How Cities are getting to 100% Renewable Electricity

Map of cities going 100%
http://www.go100percent.org/cms/index.php?id=18

There are a lot of cities making commitments and promises to go 100% Renewable Energy. Each has a different plan, timeline, and way of doing it. A map of these cities is at the 100% Renewable Site. These include such cities as San Diego, Madison, as well as Chicago announcing to power city buildings with green energy. This is very great to hear because local initiiatives can make a big impact. But, how do they do this? How does a city ensure 100% of the electricity they consume is from clean power sources? Cities are not in the business of providing electricity, and they buy electricity directly only for their buildings.

I’ll look at several case examples of how cities are getting to 100% renewable energy. There are different ways city governments can exert their influence to control where their electricity comes from. In all the examples, they must work with a conglamoration of players to get it. This includes utilities, non-profits, govenrment agencies, and corporations. They also need buy-in and a willingness from the citizens to make it happen. Many of the best examples are profiled by the Sierra Club in their Cities are Ready for 100% Clean Energy 10 Case Studies Report. Here are several case examples of actions being taken to get it done.

  1. Enact policies

One of the most direct ways cities governments are controlling the electricity use in their jurisdictions is through legislative action. This can be laws on a wide variety of issues. One of the most common is controlling demand through energy efficiency mandates. Greensburg, KS is a city that was destroyed by a tornado in 2007 and rebuilt their eletric grid with a focus on clean energy. One of the first actions they took was to require all buildings over 4,000 square feet to be LEED Platinum certified. Energy efficiency measures are a low-hanging fruit way for communities to control their electricity use.

Other policies help to promote clean energy uptake by its residents. Another action Greensburg took was to enact a Net Energy Metering (NEM) ordinance for its residents. Allowing rooftop solar to sell excess electricity back to the grid makes solar an economically more attractive option. While NEM is a very contentious issue, Greensburg made a decision to require it. In doing so, it put a priority on solar adoption. These are only two examples of policies being put into place to promote residents to make green decisions.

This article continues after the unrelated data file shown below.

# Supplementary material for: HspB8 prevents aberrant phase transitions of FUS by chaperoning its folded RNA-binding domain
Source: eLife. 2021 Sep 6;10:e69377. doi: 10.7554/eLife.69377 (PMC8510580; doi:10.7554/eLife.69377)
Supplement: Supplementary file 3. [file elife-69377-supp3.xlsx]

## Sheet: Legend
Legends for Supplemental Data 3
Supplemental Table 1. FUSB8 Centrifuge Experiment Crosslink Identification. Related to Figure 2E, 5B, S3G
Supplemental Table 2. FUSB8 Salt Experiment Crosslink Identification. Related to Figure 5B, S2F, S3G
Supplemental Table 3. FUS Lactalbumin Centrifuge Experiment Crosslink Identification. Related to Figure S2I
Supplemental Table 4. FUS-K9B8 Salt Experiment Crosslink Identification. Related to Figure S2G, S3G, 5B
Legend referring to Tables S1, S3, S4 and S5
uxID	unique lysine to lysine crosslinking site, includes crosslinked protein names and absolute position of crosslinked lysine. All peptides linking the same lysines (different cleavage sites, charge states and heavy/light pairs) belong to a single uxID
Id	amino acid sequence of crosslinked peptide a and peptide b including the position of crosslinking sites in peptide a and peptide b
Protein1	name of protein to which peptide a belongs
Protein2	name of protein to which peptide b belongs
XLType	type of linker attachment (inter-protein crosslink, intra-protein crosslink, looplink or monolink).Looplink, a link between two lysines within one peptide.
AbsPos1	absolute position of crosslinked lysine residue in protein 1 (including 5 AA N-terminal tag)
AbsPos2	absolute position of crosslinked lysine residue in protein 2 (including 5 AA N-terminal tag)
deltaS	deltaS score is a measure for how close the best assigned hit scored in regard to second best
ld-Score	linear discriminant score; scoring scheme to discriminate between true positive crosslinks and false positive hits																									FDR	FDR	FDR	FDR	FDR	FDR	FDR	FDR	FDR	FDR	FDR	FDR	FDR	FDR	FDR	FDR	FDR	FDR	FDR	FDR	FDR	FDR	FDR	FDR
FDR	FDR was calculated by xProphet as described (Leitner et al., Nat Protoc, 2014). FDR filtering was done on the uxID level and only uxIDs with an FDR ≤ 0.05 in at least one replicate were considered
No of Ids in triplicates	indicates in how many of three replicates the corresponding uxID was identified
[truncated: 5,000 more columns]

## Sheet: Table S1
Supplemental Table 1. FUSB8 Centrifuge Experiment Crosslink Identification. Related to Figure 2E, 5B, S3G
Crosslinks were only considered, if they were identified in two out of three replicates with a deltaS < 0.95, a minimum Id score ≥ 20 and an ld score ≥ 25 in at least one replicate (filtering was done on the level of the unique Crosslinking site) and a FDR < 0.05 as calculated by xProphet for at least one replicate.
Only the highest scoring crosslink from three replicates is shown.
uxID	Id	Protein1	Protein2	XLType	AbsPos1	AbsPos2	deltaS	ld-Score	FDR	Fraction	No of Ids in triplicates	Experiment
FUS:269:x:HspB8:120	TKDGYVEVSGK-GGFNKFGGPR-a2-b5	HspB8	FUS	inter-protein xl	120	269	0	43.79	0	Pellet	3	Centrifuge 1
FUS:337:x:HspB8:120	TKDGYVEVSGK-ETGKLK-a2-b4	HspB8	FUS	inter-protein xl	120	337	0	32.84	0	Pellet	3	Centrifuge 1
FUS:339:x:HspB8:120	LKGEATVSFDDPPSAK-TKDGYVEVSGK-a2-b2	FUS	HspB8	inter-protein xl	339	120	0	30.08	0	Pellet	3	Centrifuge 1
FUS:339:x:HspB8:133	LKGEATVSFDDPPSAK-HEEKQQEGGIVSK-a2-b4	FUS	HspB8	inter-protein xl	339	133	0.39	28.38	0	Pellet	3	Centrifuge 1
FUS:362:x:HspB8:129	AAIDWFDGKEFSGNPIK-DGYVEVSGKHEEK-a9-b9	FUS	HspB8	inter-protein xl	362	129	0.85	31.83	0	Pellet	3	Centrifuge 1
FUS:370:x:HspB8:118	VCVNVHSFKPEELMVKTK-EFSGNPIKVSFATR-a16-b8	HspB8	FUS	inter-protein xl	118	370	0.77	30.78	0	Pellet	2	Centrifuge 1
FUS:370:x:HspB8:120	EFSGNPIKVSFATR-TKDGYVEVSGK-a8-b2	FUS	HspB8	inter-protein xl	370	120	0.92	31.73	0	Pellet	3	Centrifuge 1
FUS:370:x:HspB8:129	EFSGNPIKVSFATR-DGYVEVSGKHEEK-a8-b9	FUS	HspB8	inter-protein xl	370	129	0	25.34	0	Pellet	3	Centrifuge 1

1. Renewable Portfolio Standards

Renewable Portfolio Standards (RPS) are a mandate for a certain percentage of the mix of electricity to come from renewable sources. It must be followed by the utility or energy provider in the jurisdiction. It is a direct way of municipalities to dictate what the energy mix of their area looks like. It is most often done at the state level, but can also be enacted by cities. This option is being explored in Rochester, MN. The cities goal is to be 100% renewable by 2030. Part of this plan is to have a 25% RPS by 2025. 68% of its residents support requiring energy to be sourced by renewables. The cost for these resources is then incorporated into the rates.

  1. Power Purchase Agreements (PPAs)

Power Purchase Agreements are long-term contracts to buy electricity for a fixed price and amount. The benefit is that they take the risk out for both the buyer and seller. The downside is that market prices can greatly fluctuate from the original contract; although, contracts can be set-up differently to conteract this. PPAs are often needed to ensure financing gets raised for renewable energy projects. By contracting PPA, cities can gaurantee where their electricity is coming from.

Georgetown, TX secured long-term low electricity prices when it signed a 25 year deal. It was done because it was both a low-cost and reduced risk option making it very attractive to the city. PPAs are best suited for places where renewable electricity is readily accesible and the areas utility set-up is conducive to it. The unique set-up of this city owning the utility allowed it to control where the utility gets its electricity.  It could also be done by larger scale individual operations such as city buildings. It would be a good option for the city of Chicago in supplying electricity for their buildings. PPAs are a great way to control where electricity is sourced from.